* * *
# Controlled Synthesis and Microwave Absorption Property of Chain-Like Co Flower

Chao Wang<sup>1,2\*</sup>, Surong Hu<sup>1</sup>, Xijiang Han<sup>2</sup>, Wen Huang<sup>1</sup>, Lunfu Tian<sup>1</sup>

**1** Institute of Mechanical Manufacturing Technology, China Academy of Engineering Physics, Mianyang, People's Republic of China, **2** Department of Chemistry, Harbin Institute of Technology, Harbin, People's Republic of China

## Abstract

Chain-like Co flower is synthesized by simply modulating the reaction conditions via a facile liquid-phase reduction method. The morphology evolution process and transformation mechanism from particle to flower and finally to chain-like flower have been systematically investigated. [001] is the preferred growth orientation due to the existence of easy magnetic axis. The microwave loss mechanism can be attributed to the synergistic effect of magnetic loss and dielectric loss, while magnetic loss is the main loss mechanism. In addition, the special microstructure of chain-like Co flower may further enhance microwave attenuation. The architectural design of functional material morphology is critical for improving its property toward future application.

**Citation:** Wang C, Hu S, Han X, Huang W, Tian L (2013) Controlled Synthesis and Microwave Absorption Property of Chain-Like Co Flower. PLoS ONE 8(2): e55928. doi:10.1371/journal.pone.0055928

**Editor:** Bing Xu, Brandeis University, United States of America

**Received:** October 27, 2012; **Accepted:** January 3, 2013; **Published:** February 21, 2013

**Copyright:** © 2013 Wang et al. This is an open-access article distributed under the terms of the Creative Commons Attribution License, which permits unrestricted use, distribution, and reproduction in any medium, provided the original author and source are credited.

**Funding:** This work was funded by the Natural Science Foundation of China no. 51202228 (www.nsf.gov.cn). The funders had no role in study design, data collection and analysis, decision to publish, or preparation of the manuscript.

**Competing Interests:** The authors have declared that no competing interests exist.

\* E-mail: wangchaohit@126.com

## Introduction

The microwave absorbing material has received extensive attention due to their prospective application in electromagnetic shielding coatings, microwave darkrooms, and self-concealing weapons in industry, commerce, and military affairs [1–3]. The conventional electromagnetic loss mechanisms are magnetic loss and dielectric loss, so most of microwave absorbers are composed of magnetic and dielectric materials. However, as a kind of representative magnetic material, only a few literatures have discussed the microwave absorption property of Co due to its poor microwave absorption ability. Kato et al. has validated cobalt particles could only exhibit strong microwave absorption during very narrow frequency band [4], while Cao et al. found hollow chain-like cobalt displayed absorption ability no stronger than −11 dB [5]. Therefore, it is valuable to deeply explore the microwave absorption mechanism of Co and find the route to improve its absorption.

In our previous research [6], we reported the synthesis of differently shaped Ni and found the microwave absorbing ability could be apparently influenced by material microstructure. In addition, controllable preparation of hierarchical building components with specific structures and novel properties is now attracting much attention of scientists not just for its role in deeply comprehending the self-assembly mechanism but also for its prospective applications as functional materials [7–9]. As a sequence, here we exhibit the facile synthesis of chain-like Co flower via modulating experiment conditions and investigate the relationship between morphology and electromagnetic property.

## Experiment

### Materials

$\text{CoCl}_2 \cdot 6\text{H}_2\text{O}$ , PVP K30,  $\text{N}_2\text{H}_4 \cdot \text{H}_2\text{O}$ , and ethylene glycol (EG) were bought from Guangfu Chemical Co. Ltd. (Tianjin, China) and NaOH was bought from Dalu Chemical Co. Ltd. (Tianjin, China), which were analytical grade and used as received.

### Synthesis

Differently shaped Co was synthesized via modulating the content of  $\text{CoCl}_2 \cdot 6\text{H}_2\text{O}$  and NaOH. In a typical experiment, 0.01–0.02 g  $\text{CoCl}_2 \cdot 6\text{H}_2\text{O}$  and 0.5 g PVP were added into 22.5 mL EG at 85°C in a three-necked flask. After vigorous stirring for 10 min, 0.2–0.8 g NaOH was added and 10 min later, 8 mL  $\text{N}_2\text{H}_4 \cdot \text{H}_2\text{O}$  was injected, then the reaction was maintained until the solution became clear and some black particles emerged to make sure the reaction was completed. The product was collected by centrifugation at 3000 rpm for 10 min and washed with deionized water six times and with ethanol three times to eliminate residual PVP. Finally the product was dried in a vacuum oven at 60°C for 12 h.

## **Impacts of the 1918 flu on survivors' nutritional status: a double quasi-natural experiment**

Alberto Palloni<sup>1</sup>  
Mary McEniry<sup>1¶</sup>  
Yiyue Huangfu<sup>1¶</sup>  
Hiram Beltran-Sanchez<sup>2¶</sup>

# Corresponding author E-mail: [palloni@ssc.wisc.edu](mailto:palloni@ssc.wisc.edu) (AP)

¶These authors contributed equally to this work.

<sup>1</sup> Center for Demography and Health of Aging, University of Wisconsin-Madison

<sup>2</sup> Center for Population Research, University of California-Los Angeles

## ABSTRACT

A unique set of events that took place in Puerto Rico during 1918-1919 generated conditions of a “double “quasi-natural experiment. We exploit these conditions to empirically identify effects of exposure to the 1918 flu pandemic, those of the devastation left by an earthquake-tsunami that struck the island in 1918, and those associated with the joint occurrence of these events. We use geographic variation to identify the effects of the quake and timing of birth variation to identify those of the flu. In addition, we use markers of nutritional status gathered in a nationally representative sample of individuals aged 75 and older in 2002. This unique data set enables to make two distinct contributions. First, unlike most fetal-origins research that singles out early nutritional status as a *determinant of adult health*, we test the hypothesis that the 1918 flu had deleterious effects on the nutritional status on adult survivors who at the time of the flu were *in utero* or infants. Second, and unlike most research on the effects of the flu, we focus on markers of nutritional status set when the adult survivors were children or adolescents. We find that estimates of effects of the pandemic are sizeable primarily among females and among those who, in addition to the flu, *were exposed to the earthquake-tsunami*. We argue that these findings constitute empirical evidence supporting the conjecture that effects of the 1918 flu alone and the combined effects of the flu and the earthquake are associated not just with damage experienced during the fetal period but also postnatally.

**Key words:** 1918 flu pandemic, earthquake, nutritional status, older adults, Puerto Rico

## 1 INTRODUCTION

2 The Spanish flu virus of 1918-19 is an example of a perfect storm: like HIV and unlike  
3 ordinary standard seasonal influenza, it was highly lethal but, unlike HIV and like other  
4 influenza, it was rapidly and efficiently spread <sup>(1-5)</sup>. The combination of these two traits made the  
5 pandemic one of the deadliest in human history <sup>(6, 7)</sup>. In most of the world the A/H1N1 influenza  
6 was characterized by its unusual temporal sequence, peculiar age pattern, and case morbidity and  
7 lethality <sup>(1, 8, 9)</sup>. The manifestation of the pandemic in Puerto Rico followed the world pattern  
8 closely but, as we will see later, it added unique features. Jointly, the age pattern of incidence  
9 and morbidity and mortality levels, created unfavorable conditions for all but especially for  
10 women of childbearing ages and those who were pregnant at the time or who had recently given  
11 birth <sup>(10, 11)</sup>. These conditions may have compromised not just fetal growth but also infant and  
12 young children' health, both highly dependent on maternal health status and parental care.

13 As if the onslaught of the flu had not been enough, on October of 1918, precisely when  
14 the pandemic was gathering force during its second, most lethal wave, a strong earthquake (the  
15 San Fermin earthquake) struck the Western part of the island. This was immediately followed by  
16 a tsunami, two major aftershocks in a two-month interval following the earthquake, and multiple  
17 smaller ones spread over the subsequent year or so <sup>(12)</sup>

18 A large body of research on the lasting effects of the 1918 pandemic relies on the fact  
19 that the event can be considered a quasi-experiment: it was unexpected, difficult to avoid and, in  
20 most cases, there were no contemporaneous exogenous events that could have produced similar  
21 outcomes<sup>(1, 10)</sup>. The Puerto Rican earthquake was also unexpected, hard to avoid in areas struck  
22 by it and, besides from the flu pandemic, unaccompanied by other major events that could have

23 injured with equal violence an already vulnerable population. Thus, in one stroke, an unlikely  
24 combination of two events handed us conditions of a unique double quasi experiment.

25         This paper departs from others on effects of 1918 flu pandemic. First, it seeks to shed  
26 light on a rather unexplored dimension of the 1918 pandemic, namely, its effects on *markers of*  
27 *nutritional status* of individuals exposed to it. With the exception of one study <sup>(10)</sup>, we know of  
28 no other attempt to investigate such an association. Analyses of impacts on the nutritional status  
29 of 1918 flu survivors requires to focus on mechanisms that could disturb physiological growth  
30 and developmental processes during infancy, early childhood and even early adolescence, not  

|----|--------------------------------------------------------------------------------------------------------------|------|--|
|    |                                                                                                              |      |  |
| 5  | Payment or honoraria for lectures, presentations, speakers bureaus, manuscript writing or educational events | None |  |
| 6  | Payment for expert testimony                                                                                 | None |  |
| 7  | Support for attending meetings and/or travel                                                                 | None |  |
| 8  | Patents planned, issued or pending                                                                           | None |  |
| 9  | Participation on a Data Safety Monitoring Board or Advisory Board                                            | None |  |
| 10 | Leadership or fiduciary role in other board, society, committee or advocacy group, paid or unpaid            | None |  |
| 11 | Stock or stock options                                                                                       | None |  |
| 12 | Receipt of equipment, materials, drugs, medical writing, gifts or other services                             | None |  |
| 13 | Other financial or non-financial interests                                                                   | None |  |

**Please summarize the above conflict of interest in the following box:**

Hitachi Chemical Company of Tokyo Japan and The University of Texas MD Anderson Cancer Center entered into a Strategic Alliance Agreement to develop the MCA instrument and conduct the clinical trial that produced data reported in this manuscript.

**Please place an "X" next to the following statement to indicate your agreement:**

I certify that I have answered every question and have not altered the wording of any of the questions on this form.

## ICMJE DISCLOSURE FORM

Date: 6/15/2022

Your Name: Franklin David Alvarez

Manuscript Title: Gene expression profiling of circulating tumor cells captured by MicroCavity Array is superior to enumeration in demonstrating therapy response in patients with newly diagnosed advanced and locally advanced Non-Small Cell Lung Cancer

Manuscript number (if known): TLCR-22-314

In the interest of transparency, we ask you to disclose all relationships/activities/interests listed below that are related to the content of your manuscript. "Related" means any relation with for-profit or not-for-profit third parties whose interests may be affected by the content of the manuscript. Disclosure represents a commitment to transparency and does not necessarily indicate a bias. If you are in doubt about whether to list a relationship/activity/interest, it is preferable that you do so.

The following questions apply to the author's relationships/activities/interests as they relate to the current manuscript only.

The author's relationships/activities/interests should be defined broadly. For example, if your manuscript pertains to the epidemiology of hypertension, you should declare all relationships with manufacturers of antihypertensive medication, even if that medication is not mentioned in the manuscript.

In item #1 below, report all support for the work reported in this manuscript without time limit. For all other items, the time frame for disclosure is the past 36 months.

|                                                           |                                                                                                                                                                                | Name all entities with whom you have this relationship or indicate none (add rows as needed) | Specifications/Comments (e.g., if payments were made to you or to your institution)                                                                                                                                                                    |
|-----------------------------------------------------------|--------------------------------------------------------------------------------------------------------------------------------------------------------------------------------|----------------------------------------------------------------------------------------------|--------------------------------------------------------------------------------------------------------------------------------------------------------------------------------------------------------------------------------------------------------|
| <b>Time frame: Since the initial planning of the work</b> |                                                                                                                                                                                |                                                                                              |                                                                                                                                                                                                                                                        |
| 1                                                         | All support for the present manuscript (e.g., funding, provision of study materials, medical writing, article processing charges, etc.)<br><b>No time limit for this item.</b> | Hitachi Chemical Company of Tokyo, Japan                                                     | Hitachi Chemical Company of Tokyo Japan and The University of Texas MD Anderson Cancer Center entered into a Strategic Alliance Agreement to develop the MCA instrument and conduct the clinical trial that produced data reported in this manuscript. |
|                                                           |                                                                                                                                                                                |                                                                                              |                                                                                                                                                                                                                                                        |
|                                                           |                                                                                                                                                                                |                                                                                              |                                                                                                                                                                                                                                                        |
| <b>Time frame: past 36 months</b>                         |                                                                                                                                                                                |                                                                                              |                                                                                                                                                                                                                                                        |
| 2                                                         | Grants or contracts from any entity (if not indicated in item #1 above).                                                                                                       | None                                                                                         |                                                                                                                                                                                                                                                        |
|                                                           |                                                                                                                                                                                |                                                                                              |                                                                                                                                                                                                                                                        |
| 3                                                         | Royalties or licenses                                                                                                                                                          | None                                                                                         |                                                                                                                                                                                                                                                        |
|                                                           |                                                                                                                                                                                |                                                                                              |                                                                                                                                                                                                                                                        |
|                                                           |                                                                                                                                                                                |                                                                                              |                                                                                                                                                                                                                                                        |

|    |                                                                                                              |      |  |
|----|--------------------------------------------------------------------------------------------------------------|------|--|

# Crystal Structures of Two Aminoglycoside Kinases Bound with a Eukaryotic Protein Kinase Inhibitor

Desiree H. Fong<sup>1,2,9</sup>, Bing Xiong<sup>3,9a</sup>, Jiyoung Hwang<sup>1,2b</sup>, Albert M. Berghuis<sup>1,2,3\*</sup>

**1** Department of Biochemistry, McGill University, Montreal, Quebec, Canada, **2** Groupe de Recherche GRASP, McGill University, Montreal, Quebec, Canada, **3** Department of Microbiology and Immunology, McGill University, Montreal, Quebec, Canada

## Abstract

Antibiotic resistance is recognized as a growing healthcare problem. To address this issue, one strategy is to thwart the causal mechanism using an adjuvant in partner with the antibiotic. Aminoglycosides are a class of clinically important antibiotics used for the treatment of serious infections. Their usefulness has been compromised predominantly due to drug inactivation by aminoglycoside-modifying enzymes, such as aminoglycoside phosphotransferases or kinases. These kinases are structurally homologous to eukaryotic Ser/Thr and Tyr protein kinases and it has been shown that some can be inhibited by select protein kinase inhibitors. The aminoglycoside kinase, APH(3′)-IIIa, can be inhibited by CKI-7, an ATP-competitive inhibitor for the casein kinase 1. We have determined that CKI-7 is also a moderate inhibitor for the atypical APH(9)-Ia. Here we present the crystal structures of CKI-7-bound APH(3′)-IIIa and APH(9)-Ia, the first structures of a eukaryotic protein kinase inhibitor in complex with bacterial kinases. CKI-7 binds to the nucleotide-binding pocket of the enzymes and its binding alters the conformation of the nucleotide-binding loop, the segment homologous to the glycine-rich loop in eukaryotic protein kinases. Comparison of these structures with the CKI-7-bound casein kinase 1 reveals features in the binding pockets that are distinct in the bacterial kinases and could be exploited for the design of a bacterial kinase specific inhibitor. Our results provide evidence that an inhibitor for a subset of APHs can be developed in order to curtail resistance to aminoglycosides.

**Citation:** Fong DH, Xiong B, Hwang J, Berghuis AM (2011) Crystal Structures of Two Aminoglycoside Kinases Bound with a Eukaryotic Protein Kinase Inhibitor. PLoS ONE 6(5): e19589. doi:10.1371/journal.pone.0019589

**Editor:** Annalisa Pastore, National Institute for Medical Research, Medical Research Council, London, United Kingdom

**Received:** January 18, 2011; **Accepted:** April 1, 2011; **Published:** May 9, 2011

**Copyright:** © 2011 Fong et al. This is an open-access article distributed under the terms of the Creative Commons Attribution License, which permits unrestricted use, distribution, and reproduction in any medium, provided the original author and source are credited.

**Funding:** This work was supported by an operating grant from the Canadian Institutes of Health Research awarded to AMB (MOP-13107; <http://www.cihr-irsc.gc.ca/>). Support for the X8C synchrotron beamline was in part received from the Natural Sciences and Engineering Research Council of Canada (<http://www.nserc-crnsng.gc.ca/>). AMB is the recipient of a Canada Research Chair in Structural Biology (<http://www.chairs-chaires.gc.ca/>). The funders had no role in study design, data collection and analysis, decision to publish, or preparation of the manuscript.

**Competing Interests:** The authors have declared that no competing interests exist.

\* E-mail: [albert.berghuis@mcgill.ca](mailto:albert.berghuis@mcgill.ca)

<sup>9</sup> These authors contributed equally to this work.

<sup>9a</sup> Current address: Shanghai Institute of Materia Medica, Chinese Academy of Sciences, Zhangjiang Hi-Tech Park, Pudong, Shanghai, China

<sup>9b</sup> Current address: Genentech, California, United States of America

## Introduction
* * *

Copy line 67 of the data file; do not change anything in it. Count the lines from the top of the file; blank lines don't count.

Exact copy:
| 7  | Support for attending meetings and/or travel                                                                 | None |  |